V is for Visuals #EdublogsClub

This is my response to the this week’s prompt as a part of the Edublogs Club challenge: write a post that includes an image.

Picture This
“Picture This” by mrkrndvs is licensed under CC BY-SA

Robert Schuetz posted about the power of images for blogging. He argued that,

Readers are more likely to view and remember blog posts that include visual content.

Schuetz provides a range of evidence to support this.

I like to include visuals in my posts. They involve a quote from the village, with a corresponding Lego graphic. I often use the pictures created by JustLego101. Although I used to use Google Drawings, more lately I have turned to Google Slides as I can then have a master template and it works on mobile. I have elaborated on this here.

Some might say this is branding, however I prefer to see it as just another form of expression. I don’t think everyone goes to the same length for images, happy enough to post whatever comes up in Compfight or making quick quotes with Quozio. Here then are a collection of bloggers whose visual choices have inspired me over time:

#3ofme via Amy Burvall

Amy Burvall: You know it when you see them, Burvall’s black and pink sketches made with Paper53 are unique. Whether it be a quote or an icon, she uses her distinct style to communicate her thinking.

Image via Austin Kleon

Austin Kleon: Known for blackout poetry and graphical sketches, similar to Burvall Kleon has a carefree style (although I am sure it takes plenty of effort). He often summarises his thinking in a concise manner. Beyond his blog, Kleon’s images usually find their way into his books and weekly newsletter.

Image drawn by Bryan Mathers

Bryan Mathers: Like Kleon and Burvall, Mathers has a distinct style, often representing metaphors visually. Also using a range of apps, including Paper53, he captures ideas in a complex and concise manner. He is also the man behind artistic updates at both Reclaim Hosting and Hack Education.

Sylvia Duckworth: You would be hard pressed to find a teacher who hasn’t been to a professional development session somewhere along the way that has incorporated one of Duckworth’s sketchnotes. These are not only engaging, but always informative. Although there are sketchnotes still available via Flickr, the majority are now available through her book.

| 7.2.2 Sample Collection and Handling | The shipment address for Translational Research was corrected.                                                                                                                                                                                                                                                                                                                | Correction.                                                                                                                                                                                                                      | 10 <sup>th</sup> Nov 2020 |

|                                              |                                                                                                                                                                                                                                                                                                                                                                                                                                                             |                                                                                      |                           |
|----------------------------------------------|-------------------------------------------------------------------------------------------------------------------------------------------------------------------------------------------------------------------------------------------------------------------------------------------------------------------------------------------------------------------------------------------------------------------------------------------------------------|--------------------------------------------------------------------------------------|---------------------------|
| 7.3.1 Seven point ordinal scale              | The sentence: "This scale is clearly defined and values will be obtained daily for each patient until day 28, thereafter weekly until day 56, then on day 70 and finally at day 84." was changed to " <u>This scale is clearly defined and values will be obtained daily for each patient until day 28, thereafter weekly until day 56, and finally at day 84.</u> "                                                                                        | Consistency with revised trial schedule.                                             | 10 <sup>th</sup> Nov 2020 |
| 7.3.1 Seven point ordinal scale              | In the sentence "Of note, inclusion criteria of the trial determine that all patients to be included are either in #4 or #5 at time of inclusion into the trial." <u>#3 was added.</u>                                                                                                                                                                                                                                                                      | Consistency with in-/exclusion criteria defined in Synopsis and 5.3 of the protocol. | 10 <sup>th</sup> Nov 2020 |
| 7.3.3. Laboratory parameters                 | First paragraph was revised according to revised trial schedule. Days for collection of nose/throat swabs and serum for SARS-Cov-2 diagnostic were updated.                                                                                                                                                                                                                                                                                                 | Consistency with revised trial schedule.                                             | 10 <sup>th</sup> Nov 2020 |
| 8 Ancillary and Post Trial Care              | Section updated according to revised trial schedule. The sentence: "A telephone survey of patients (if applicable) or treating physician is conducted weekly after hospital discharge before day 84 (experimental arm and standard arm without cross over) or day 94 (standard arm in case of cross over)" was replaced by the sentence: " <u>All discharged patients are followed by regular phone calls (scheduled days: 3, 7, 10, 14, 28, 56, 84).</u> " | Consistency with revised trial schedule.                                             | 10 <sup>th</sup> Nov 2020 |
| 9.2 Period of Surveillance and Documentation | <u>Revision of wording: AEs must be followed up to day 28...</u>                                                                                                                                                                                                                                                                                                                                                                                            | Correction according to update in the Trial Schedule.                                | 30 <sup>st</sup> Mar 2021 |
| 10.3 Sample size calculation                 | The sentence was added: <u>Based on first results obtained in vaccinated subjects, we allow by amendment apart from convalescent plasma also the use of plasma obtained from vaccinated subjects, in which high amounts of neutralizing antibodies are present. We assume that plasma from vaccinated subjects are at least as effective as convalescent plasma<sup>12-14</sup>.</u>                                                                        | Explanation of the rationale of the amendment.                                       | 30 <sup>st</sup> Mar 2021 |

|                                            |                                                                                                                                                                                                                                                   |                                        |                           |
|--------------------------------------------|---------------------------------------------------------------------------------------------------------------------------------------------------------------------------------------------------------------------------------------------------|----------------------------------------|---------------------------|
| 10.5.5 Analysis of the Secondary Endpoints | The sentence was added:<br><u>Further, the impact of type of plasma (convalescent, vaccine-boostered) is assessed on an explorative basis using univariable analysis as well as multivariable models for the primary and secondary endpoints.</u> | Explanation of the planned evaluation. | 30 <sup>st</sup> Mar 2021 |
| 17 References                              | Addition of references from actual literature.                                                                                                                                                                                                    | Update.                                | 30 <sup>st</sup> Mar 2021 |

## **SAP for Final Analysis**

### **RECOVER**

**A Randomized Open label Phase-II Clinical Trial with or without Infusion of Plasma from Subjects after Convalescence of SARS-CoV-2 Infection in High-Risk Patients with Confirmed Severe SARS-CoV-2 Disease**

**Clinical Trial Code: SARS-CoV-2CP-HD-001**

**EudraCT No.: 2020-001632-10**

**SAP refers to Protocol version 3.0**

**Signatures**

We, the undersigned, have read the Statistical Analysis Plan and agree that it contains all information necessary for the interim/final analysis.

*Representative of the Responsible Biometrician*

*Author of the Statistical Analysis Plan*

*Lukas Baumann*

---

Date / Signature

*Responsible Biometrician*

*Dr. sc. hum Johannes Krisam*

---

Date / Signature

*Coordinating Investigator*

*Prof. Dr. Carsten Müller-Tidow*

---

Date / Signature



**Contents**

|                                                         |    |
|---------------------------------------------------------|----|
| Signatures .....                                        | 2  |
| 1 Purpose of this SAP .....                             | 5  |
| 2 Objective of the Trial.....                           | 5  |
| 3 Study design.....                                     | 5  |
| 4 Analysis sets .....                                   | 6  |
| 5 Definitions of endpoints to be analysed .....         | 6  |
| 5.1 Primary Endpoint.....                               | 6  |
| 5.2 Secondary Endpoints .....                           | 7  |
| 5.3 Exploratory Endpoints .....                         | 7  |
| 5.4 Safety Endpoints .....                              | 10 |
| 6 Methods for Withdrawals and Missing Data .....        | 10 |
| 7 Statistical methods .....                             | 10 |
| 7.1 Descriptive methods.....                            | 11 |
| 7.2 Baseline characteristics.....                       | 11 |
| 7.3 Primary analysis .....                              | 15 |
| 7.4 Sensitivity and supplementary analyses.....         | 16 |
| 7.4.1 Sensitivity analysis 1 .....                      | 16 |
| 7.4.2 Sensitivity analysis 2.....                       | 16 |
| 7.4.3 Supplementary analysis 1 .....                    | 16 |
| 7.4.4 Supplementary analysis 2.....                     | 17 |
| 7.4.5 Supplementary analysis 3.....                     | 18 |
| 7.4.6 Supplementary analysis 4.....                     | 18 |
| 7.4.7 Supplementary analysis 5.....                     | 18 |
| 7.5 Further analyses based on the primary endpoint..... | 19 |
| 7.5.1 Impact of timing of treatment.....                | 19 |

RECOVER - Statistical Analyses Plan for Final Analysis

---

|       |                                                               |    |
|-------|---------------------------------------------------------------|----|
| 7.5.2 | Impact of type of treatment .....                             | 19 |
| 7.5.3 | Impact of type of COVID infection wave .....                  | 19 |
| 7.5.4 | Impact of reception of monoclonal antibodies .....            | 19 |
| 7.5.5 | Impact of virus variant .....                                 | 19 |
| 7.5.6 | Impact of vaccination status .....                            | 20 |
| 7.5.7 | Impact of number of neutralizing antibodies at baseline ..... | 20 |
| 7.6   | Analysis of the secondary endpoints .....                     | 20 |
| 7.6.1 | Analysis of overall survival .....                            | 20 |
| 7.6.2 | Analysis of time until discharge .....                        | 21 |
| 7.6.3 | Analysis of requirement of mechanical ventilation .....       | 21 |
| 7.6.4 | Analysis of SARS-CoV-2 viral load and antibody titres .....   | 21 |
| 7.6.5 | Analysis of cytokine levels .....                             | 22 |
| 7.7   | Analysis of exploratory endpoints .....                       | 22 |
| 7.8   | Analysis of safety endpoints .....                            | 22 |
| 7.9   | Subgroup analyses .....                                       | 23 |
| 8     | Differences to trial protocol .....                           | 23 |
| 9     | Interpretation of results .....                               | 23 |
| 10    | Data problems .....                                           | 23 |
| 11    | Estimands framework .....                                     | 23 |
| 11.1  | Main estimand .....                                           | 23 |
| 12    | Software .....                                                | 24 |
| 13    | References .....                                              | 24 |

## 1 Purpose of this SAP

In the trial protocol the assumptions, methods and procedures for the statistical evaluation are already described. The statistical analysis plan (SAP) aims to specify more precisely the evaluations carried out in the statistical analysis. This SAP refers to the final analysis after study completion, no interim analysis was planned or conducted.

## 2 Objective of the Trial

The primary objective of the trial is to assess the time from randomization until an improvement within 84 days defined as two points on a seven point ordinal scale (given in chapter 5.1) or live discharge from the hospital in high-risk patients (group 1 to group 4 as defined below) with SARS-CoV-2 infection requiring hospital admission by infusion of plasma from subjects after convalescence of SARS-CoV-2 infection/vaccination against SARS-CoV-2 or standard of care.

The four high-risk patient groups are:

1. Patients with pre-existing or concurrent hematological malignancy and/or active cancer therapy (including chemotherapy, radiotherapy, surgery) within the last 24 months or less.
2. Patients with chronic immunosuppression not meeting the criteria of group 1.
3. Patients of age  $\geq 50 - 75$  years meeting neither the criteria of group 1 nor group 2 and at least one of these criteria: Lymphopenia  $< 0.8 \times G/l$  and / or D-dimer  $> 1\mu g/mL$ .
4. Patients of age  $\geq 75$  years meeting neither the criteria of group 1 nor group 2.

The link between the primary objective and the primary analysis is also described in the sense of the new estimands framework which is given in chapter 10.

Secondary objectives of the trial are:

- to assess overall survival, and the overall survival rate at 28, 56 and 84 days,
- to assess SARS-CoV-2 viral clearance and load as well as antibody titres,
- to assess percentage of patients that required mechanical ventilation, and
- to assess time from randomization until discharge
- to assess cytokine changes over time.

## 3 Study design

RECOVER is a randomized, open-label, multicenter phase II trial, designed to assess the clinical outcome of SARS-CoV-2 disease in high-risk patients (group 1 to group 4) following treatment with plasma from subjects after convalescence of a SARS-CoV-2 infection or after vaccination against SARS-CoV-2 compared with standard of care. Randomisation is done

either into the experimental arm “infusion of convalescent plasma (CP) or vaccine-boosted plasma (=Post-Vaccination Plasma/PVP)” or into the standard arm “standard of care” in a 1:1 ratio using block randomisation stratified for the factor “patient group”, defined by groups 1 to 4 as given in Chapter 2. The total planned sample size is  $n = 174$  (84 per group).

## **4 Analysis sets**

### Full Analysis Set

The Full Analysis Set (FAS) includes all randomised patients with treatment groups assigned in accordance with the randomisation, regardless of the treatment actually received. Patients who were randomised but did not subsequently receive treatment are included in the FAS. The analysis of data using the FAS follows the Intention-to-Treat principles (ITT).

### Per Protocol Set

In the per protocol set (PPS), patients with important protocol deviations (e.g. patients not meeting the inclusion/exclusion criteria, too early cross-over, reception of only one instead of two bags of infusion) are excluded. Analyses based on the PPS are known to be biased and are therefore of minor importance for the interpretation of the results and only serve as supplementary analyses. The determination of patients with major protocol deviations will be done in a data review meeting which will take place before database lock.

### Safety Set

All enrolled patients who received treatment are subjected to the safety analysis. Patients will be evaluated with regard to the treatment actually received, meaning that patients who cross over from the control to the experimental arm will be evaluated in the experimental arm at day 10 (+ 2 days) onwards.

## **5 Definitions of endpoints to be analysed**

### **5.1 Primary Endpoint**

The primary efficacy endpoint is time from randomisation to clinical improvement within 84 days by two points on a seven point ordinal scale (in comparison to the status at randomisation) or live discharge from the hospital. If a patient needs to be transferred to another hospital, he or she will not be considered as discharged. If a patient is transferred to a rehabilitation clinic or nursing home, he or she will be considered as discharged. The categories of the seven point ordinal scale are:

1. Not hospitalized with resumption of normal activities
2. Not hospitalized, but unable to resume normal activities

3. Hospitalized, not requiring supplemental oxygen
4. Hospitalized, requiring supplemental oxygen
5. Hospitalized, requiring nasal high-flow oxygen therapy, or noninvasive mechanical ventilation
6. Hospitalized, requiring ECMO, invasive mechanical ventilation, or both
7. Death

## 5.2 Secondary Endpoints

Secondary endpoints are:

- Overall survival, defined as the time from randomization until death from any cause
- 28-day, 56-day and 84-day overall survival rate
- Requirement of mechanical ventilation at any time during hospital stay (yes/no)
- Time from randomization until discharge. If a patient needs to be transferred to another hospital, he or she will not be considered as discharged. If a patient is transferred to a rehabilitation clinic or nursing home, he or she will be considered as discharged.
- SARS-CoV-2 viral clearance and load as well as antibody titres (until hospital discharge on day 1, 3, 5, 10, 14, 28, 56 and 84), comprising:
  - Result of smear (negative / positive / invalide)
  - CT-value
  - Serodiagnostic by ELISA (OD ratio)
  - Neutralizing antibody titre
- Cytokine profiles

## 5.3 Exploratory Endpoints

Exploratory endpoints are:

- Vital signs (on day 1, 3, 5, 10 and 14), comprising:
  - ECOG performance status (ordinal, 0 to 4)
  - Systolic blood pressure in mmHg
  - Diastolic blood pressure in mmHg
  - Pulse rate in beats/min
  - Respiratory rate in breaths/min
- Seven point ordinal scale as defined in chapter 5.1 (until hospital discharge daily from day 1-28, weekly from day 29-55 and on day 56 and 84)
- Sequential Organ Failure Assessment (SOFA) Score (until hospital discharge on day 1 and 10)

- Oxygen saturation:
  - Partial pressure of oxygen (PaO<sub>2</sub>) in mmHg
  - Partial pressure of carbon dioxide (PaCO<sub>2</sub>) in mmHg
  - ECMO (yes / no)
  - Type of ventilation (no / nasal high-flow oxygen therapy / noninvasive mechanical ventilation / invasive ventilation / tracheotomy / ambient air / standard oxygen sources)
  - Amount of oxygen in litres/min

Image by Silvia Tolisano and used with permission

Silvia Rosenthal Tolisano: In response to Robert Schuetz’ post, Rosenthal Tolisano described how she thinks through her blog posts by creating a visual. Her sketchnotes are a great example of how visuals can unite a range of ideas to support further elaborations.

Image via Jackie Gerstein

Jackie Gerstein: Similar to Tolisano, Gerstein often creates sketches that collect together all her thoughts on an idea. These are often incorporated into her presentations, many of which she shares on SlideShare.

Image via Richard Wells

Richard Wells: Wells has a knack of telling a whole story within an infographic. Although often linked to a post, they can very well act as provocations in themselves. He creates his images using Apple Keynote.

Bill Ferriter: With a mixture of sketches and digital creations, Ferriter has an eye and an ear for  poignant messages. Along with Burvall, Ferriter’s images (and sharing through Flickr) were one of my original inspirations for creating graphics.

Alan Levine: It might seem counterintuitive to include Levine in this list as most of his images are simply photographs, but what stands out are that so many of the images he uses are his own. So often when I read his work I am amazed at the ability to find an image that matches. A great proponent of Creative Commons, because it is not just about digging in, but also sharing back.


So there are people whose choice of images has inspired me. What about you? Who are the visual bloggers that inspire you? As always, comments welcome.


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They Kept on Teaching

I recently took up Cormac McCarthy’s Blood Meridian. It was not what I expected. I read a lot of non-fiction and being out of the classroom, this has only increased. So as part of my summer siesta I turned to McCarthy for some relief.